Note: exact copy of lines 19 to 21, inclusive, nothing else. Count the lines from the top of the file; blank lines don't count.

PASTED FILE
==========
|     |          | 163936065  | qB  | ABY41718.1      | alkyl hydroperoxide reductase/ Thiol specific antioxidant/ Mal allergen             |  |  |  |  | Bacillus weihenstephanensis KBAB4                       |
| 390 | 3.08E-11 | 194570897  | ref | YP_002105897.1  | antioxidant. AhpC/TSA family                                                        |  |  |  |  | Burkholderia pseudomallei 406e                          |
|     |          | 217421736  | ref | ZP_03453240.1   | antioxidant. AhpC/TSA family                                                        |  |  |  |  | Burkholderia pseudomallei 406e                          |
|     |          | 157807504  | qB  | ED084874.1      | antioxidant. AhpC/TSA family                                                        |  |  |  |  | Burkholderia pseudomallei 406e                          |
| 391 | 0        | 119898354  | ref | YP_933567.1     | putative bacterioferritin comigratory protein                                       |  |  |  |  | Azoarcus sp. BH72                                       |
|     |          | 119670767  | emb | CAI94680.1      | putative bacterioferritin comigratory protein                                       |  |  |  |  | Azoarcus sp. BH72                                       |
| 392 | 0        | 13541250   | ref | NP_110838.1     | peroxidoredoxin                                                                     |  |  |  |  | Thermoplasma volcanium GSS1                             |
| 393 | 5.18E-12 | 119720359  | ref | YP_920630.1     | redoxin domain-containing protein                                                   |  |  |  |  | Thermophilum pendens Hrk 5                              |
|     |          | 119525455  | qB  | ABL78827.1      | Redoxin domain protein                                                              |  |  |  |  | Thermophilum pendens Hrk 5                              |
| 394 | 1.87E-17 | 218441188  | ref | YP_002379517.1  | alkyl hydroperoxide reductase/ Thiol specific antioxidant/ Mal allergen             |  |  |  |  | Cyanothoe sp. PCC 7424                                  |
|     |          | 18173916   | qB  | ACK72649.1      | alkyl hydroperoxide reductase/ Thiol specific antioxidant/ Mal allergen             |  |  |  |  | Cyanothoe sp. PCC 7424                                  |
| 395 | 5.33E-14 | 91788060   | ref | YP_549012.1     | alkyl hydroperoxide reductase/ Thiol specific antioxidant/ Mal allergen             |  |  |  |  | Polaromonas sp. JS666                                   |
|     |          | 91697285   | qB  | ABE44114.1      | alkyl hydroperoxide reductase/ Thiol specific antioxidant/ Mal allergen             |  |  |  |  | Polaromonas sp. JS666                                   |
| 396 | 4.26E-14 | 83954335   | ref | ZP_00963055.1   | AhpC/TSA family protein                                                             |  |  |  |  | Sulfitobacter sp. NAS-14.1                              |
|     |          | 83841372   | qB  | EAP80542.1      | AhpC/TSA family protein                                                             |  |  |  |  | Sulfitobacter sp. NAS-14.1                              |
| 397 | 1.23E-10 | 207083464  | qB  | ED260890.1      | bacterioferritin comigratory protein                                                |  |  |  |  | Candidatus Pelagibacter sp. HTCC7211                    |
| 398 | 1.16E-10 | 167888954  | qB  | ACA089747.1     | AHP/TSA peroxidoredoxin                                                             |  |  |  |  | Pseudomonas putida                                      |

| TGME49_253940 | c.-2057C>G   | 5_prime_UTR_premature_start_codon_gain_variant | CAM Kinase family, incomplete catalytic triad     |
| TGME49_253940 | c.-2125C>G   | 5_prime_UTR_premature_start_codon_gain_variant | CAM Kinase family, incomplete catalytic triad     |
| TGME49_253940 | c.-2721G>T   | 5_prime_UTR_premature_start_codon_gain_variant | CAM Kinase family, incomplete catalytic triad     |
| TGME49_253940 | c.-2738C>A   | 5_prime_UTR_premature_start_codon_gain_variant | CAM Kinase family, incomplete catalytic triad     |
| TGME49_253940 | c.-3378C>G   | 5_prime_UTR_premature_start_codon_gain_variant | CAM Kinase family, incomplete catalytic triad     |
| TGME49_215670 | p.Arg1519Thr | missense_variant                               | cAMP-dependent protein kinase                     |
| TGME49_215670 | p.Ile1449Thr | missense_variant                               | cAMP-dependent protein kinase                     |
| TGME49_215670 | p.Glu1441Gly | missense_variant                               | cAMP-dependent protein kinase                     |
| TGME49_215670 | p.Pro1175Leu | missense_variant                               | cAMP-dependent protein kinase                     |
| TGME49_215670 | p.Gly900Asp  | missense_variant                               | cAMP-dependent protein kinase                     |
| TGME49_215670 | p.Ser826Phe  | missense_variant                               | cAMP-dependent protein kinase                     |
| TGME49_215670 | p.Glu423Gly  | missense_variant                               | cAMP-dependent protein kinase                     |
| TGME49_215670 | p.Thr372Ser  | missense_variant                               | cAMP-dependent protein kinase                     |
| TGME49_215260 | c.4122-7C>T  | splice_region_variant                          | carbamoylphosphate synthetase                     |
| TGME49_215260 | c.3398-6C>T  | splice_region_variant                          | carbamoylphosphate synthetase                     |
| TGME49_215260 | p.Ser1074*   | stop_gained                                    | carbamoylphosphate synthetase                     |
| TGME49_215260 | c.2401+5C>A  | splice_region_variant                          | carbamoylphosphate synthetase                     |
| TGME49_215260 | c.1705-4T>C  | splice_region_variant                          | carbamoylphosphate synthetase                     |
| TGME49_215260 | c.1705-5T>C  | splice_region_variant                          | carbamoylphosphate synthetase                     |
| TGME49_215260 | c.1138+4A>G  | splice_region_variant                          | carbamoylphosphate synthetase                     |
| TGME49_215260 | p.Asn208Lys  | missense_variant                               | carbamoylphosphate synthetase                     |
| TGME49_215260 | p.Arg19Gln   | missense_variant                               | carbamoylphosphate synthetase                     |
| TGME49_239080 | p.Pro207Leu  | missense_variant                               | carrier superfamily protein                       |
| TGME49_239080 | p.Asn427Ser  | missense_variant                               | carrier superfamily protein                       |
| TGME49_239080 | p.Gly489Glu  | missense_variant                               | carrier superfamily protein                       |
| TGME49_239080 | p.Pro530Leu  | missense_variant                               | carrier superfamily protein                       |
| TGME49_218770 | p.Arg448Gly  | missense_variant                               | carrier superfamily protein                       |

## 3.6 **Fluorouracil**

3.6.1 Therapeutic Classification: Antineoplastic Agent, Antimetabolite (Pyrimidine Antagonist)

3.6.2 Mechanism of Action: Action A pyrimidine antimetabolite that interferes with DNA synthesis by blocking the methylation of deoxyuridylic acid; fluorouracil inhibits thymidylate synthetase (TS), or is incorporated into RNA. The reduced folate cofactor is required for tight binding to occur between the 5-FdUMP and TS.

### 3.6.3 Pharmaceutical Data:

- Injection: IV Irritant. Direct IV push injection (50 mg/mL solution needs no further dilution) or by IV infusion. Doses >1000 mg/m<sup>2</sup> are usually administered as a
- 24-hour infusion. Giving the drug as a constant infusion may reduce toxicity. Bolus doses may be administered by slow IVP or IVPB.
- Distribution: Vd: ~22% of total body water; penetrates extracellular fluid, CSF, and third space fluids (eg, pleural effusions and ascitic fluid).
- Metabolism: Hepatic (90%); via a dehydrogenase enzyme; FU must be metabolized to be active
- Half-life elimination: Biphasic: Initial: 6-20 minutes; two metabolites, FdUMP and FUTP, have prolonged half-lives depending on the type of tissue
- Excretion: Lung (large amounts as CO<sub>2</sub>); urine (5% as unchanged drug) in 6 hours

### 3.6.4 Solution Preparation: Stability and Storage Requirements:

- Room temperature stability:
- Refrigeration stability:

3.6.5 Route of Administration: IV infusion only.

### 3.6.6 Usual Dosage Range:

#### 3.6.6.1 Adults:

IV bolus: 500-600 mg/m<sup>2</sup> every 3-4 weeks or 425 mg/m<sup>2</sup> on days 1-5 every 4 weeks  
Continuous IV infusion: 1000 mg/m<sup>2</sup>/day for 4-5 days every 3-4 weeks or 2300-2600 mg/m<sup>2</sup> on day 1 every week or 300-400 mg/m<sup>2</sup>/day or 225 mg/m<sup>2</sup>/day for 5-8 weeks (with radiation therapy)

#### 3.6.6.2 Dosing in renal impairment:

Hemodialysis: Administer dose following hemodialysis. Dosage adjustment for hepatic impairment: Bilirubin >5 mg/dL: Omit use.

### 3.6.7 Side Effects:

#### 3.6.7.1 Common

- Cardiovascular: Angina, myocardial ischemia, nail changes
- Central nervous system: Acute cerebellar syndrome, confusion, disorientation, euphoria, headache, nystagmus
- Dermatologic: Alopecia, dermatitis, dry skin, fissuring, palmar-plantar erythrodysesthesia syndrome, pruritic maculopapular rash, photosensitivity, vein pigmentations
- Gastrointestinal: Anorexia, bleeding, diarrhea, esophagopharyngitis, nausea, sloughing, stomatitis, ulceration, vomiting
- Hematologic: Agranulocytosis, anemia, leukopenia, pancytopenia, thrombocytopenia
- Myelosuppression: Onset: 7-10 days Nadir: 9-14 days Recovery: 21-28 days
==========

| TGME49_253940 | c.-2125C>G   | 5_prime_UTR_premature_start_codon_gain_variant | CAM Kinase family, incomplete catalytic triad     |
| TGME49_253940 | c.-2721G>T   | 5_prime_UTR_premature_start_codon_gain_variant | CAM Kinase family, incomplete catalytic triad     |
| TGME49_253940 | c.-2738C>A   | 5_prime_UTR_premature_start_codon_gain_variant | CAM Kinase family, incomplete catalytic triad     |